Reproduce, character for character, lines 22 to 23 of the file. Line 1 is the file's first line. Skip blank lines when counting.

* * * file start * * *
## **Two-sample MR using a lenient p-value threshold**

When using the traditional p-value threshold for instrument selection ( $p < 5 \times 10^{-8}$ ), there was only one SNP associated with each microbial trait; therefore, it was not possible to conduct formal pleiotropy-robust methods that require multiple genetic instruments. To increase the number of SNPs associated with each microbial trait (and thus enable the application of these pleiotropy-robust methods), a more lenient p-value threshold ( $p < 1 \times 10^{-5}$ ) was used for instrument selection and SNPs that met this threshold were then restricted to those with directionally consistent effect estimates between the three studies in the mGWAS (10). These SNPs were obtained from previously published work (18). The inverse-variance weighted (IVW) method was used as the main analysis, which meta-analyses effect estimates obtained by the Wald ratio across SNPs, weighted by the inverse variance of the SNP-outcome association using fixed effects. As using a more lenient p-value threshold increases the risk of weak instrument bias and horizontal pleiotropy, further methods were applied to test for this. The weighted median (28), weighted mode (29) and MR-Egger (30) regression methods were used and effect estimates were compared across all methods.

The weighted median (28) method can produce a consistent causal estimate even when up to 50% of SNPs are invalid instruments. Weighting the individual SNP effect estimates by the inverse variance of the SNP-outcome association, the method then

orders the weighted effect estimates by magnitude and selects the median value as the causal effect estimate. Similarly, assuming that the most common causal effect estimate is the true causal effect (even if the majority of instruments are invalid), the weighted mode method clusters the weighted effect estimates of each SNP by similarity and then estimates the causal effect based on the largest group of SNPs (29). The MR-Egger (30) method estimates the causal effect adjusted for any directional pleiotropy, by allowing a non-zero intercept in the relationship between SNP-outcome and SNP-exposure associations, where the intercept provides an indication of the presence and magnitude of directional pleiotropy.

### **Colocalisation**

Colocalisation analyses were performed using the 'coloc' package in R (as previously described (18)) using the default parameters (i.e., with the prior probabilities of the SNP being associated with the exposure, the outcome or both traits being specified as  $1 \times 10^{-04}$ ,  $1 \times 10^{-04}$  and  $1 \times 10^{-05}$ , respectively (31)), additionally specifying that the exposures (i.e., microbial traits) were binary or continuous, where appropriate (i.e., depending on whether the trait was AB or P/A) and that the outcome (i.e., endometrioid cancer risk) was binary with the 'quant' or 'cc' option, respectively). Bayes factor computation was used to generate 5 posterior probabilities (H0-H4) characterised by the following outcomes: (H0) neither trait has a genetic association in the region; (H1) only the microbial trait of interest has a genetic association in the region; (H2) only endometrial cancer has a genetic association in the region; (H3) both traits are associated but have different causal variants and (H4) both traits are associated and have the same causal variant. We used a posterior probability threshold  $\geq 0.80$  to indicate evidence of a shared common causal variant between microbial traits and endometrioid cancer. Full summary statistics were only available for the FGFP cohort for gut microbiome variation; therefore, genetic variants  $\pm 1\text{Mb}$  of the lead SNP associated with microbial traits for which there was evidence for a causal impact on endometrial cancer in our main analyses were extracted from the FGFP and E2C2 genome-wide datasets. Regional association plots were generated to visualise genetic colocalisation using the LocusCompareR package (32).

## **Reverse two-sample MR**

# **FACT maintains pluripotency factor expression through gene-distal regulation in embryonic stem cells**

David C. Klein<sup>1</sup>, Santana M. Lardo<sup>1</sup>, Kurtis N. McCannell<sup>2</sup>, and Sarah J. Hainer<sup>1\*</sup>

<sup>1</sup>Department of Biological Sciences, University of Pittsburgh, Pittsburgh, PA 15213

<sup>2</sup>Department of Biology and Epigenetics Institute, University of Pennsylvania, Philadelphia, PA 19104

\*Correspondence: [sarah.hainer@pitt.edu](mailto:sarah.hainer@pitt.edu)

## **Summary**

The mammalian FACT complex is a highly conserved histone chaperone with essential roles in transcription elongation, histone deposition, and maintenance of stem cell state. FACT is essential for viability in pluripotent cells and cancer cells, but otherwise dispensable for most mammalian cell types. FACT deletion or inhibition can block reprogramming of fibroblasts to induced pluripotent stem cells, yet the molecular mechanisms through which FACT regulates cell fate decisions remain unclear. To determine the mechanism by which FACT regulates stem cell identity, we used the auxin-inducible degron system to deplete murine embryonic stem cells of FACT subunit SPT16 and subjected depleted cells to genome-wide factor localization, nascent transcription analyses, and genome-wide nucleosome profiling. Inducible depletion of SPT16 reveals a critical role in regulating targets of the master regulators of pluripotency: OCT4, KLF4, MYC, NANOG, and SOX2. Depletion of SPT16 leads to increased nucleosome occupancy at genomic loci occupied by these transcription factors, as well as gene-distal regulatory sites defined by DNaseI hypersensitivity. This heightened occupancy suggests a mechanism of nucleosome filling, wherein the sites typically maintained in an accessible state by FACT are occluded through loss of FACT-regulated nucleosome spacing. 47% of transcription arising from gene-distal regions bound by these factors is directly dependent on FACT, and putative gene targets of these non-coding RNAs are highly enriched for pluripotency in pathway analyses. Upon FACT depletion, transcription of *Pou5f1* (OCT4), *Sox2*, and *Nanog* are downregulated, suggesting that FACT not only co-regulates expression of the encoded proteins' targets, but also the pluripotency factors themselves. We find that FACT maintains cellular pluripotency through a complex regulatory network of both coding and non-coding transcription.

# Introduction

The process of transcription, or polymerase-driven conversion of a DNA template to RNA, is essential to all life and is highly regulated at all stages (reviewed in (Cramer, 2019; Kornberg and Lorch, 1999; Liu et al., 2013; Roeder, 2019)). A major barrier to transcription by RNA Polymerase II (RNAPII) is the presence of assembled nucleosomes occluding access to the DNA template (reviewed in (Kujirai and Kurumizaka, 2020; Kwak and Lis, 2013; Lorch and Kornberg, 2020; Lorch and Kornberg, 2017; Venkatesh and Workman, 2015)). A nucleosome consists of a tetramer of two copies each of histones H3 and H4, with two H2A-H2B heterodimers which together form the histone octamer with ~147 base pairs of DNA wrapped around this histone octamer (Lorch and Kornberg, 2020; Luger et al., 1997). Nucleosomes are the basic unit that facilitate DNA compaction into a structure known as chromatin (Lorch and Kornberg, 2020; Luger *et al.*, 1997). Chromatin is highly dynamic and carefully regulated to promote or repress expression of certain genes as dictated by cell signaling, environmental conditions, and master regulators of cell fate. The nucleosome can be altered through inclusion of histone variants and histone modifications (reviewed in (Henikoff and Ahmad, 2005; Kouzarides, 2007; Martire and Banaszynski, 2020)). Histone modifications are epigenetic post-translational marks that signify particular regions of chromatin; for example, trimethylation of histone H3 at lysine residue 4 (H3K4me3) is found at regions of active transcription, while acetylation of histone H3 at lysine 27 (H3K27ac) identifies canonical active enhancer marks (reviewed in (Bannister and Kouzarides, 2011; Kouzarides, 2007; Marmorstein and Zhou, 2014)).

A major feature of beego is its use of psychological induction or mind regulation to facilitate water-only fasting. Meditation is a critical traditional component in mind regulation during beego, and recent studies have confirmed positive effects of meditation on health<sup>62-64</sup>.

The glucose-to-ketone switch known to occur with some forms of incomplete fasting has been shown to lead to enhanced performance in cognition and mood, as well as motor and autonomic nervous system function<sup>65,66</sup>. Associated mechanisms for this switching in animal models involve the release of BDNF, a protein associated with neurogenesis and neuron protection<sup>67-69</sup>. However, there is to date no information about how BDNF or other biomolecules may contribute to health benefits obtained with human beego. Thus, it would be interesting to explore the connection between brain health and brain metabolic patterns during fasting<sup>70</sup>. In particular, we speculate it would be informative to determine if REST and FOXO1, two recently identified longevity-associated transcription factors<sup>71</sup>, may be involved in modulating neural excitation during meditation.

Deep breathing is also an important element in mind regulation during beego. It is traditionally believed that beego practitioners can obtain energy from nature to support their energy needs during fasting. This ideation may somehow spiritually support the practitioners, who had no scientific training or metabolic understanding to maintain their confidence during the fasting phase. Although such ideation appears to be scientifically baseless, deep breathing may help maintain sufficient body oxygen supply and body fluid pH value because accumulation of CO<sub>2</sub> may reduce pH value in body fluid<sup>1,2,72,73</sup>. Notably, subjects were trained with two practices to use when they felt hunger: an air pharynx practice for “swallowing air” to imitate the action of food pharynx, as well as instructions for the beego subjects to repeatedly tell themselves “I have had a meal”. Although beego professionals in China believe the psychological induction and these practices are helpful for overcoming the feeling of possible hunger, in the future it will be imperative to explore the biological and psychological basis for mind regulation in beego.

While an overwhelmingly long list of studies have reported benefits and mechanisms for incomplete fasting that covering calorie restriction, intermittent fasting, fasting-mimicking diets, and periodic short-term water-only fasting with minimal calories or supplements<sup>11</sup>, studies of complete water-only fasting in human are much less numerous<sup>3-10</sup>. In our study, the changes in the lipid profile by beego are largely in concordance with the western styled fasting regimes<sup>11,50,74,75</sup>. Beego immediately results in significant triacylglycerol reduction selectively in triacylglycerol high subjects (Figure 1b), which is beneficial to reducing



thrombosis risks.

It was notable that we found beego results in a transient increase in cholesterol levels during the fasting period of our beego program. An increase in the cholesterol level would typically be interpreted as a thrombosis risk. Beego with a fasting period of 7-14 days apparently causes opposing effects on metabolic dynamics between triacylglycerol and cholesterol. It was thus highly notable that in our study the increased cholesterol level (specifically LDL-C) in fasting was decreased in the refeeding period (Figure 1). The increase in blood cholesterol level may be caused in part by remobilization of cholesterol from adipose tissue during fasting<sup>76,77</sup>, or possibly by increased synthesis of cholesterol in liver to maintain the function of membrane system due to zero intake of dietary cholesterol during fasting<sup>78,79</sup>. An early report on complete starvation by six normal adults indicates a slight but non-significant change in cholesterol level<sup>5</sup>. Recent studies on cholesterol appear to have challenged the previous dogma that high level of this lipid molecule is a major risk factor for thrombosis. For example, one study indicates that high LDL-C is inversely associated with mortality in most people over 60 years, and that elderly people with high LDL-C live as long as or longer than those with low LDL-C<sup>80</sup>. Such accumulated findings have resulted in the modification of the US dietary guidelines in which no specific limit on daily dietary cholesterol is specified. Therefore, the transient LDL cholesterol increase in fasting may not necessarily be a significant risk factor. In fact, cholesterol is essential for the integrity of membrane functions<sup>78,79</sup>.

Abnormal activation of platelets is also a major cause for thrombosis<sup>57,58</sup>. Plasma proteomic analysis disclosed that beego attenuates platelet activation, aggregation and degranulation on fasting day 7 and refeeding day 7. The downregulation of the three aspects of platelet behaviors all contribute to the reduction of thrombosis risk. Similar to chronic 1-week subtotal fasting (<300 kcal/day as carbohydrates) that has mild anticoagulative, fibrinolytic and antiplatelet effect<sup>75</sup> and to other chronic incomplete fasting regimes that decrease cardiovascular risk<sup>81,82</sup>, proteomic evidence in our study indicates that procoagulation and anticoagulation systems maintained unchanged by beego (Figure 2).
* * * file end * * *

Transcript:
It was notable that we found beego results in a transient increase in cholesterol levels during the fasting period of our beego program. An increase in the cholesterol level would typically be interpreted as a thrombosis risk. Beego with a fasting period of 7-14 days apparently causes opposing effects on metabolic dynamics between triacylglycerol and cholesterol. It was thus highly notable that in our study the increased cholesterol level (specifically LDL-C) in fasting was decreased in the refeeding period (Figure 1). The increase in blood cholesterol level may be caused in part by remobilization of cholesterol from adipose tissue during fasting<sup>76,77</sup>, or possibly by increased synthesis of cholesterol in liver to maintain the function of membrane system due to zero intake of dietary cholesterol during fasting<sup>78,79</sup>. An early report on complete starvation by six normal adults indicates a slight but non-significant change in cholesterol level<sup>5</sup>. Recent studies on cholesterol appear to have challenged the previous dogma that high level of this lipid molecule is a major risk factor for thrombosis. For example, one study indicates that high LDL-C is inversely associated with mortality in most people over 60 years, and that elderly people with high LDL-C live as long as or longer than those with low LDL-C<sup>80</sup>. Such accumulated findings have resulted in the modification of the US dietary guidelines in which no specific limit on daily dietary cholesterol is specified. Therefore, the transient LDL cholesterol increase in fasting may not necessarily be a significant risk factor. In fact, cholesterol is essential for the integrity of membrane functions<sup>78,79</sup>.

Abnormal activation of platelets is also a major cause for thrombosis<sup>57,58</sup>. Plasma proteomic analysis disclosed that beego attenuates platelet activation, aggregation and degranulation on fasting day 7 and refeeding day 7. The downregulation of the three aspects of platelet behaviors all contribute to the reduction of thrombosis risk. Similar to chronic 1-week subtotal fasting (<300 kcal/day as carbohydrates) that has mild anticoagulative, fibrinolytic and antiplatelet effect<sup>75</sup> and to other chronic incomplete fasting regimes that decrease cardiovascular risk<sup>81,82</sup>, proteomic evidence in our study indicates that procoagulation and anticoagulation systems maintained unchanged by beego (Figure 2).